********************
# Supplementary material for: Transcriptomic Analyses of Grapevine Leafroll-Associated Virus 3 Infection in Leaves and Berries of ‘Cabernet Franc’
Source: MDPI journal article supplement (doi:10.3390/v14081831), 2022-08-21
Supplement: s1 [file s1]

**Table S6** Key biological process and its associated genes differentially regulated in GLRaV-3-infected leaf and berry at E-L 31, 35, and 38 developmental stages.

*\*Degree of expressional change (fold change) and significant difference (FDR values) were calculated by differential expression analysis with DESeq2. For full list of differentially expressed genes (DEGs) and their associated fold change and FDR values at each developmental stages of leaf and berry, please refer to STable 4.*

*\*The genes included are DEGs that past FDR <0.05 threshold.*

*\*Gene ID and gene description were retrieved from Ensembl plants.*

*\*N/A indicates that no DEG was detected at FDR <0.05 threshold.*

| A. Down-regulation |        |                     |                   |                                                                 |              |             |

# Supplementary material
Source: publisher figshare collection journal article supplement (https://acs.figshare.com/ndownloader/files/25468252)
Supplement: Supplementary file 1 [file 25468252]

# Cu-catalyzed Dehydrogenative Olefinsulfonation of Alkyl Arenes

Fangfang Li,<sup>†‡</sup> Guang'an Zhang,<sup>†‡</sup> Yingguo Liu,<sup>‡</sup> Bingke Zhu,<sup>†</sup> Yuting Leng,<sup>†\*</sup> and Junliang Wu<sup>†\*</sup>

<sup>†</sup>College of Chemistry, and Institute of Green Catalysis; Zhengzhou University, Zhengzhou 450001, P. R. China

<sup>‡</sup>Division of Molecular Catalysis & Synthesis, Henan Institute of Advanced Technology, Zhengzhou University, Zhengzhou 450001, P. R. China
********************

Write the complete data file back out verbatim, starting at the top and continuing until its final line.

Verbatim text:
# Supplementary material for: Transcriptomic Analyses of Grapevine Leafroll-Associated Virus 3 Infection in Leaves and Berries of ‘Cabernet Franc’
Source: MDPI journal article supplement (doi:10.3390/v14081831), 2022-08-21
Supplement: s1 [file s1]

**Table S6** Key biological process and its associated genes differentially regulated in GLRaV-3-infected leaf and berry at E-L 31, 35, and 38 developmental stages.

*\*Degree of expressional change (fold change) and significant difference (FDR values) were calculated by differential expression analysis with DESeq2. For full list of differentially expressed genes (DEGs) and their associated fold change and FDR values at each developmental stages of leaf and berry, please refer to STable 4.*

*\*The genes included are DEGs that past FDR <0.05 threshold.*

*\*Gene ID and gene description were retrieved from Ensembl plants.*

*\*N/A indicates that no DEG was detected at FDR <0.05 threshold.*

| A. Down-regulation |        |                     |                   |                                                                 |              |             |

# Supplementary material
Source: publisher figshare collection journal article supplement (https://acs.figshare.com/ndownloader/files/25468252)
Supplement: Supplementary file 1 [file 25468252]

# Cu-catalyzed Dehydrogenative Olefinsulfonation of Alkyl Arenes

Fangfang Li,<sup>†‡</sup> Guang'an Zhang,<sup>†‡</sup> Yingguo Liu,<sup>‡</sup> Bingke Zhu,<sup>†</sup> Yuting Leng,<sup>†\*</sup> and Junliang Wu<sup>†\*</sup>

<sup>†</sup>College of Chemistry, and Institute of Green Catalysis; Zhengzhou University, Zhengzhou 450001, P. R. China

<sup>‡</sup>Division of Molecular Catalysis & Synthesis, Henan Institute of Advanced Technology, Zhengzhou University, Zhengzhou 450001, P. R. China